What have we learned from the crash? Nothing lasts forever. Even bear markets.
(Fortune Magazine) -- Numbers can talk. And one of the key indicators of this year's Fortune 500 - the companies' stock market value - is absolutely shouting. It's telling us that nothing is forever, and that people, businesses, and governments can no longer depend on rising financial markets to bail them out.
The talking number is $4.1 trillion - the amount by which the market value of the Fortune 500 companies with publicly traded shares fell this year compared with 2008's list. The decline, 37%, is by far the biggest in both dollars and percentage since we started tracking the market values of America's biggest companies 22 years ago. The two-year decrease, $5.3 trillion and 43%, is a record as well.
Since the 500's peak valuation in spring 2007 - our stock market years end in late March - the global boom has been replaced by global doom, and economies throughout the world have gone south. And get this: The 500's valuation is down 13% from 11 years ago. Thus, big-company U.S. stocks have been dead money for more than a decade. Had they risen at their historical rate after 1998, they'd be worth more than twice as much as they are now. So much for the myth that stocks as a group are a fundamentally reliable investment over the long term.
Another shattered myth is that the financial markets would provide for average people while solving seemingly intractable problems such as government budget deficits and chronically underfunded pension plans.
The idea of the market as cure-all arose during the great bull market that ran from August 1982 through March 2000. With stocks (as measured by the Standard & Poor's 500) returning an average of 20% a year in capital gains and dividends, middle-class people could fund their own retirements with minimal effort and even afford private college for their kids if they started saving early. Market gains would transform state, local, and corporate pension funds from underfunded to overfunded, and capital gains- and stock option-related tax revenue would balance budgets on the federal, state, and local levels. No pain, all gain.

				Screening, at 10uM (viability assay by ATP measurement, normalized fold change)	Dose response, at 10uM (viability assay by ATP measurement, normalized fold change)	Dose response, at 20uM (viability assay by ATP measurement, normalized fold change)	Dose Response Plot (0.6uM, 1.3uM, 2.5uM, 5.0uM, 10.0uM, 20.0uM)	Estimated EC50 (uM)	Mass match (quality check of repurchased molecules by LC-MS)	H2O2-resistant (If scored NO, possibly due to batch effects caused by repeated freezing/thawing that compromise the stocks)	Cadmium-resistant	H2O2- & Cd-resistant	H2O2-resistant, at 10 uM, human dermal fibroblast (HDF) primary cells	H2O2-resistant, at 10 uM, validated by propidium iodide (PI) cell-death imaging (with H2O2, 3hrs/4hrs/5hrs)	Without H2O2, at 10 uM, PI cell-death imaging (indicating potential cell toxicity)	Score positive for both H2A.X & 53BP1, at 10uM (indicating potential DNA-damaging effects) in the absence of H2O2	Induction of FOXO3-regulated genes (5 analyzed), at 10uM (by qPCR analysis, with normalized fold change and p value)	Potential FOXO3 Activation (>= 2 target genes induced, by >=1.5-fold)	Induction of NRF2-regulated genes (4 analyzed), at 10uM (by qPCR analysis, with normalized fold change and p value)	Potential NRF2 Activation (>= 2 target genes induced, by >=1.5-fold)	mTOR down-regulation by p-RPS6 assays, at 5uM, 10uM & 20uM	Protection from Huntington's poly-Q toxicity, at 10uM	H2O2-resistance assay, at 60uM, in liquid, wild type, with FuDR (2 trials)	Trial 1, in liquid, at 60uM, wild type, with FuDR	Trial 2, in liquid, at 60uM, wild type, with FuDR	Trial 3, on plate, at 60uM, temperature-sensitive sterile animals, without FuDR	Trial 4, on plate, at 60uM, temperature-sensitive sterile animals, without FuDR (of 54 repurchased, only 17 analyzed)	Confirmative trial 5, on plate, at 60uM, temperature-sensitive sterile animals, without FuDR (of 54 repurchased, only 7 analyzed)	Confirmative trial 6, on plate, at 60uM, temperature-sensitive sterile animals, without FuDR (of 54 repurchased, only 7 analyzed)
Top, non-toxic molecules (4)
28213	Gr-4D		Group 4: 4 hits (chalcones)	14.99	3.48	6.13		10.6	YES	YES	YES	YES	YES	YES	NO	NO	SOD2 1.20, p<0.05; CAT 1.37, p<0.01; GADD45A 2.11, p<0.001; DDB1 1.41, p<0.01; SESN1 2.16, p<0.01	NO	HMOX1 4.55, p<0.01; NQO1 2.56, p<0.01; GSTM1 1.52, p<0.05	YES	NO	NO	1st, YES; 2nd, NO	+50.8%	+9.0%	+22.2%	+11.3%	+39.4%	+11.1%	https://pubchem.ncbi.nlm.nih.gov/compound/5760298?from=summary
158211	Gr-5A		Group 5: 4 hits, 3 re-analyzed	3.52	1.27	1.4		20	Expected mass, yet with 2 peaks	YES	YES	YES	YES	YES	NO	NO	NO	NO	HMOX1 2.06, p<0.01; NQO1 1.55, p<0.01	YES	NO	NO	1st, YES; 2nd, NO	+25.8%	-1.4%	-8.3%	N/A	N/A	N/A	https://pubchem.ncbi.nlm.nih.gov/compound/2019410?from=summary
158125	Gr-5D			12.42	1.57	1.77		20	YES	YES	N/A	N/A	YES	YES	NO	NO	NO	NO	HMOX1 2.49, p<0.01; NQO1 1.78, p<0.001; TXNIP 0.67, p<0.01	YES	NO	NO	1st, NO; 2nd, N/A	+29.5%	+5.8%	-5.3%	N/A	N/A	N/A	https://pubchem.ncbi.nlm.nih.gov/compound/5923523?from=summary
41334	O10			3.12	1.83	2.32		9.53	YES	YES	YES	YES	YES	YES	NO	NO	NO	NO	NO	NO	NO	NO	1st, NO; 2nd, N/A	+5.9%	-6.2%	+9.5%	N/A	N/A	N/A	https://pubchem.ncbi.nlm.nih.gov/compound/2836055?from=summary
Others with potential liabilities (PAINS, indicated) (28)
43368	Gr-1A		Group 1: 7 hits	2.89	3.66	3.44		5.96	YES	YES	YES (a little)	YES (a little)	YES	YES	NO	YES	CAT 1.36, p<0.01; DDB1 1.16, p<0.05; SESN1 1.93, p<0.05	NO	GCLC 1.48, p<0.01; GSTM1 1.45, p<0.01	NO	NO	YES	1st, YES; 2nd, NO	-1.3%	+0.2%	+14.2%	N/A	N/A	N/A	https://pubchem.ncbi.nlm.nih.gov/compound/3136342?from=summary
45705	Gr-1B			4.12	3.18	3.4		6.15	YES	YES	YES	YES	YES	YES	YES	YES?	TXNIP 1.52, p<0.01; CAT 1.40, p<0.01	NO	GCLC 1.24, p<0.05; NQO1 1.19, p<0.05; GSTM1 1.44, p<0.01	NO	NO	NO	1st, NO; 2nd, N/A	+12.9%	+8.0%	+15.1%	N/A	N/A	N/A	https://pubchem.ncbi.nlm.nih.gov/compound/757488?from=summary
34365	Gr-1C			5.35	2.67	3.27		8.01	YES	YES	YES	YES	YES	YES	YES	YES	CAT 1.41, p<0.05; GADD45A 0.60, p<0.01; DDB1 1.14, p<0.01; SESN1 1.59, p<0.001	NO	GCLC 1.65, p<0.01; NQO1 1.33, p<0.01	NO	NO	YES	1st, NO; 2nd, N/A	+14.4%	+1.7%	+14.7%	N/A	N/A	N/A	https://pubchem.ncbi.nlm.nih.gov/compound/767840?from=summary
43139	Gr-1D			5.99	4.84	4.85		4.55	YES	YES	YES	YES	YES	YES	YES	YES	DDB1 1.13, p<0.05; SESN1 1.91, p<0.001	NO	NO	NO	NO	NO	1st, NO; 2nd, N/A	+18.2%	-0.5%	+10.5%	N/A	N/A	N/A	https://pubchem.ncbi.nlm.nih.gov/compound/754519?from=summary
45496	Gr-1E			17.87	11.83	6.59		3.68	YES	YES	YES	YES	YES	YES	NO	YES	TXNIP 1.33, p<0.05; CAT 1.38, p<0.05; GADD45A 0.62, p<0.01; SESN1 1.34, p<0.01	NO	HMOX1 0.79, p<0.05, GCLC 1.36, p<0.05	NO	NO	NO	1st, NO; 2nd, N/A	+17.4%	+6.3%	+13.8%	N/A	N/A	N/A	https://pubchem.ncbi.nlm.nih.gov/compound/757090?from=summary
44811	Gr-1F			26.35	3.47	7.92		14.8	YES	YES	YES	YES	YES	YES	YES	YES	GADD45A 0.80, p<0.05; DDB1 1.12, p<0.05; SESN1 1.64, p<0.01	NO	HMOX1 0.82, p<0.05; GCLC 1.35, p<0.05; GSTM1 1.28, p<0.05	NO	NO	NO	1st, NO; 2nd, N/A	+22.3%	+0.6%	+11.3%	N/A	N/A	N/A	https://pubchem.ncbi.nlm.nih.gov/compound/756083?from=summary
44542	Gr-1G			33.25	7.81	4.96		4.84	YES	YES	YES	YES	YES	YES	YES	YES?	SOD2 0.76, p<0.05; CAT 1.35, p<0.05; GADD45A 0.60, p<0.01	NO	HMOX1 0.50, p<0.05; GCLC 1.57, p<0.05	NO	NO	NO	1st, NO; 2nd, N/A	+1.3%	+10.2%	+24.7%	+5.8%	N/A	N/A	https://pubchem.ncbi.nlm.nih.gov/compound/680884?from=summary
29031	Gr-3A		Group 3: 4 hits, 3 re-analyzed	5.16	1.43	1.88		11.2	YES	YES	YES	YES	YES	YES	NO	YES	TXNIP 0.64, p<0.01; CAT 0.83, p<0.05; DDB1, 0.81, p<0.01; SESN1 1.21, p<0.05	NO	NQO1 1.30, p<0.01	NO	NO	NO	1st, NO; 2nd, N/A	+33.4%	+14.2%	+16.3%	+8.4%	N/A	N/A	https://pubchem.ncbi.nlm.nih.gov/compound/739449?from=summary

The topper came four years ago: President George W. Bush could even propose privatizing Social Security by letting beneficiaries invest in stocks and have the idea taken seriously. Now the cycle has shifted. For many older baby boomers who once felt comfortable but have seen their 401(k)s and other accounts eviscerated during the past two years, the magic words are no longer "stock market" - they're "Social Security." That program, which is going to need to cut growth in benefits or get a huge bailout in a few years, is assuming a more important role in retirement planning than it has in decades.
In addition to "the market will provide," another myth seems to have mercifully vanished for now: the CEO as wealth-creating warrior-king. That was a dominant theme in business journalism for years. The implication was that if a CEO's brilliant strategy "added" tens of billions of dollars to a company's stock market value, he (or the occasional she) deserved tens of millions - or hundreds of millions - in compensation.
Today it's clear that many of the now-vanished gains in company valuations had more to do with fashion than with the chief executive. Excessive CEO pay and perks that became routine during the market's good years are now under attack, as well they should be.
But one of the beauties of capitalism is that it's resilient. Just as good times don't last forever, neither do bad times. Someday - possibly for the 2010 Fortune 500 - the stock market will be on a roll again. Economies, which currently seem to be heading south at flank speed, will stabilize and maybe start to grow. One of the most dramatic changes brought on by our two-year-old financial meltdown - power shifting from private markets to governments - will begin to reverse itself.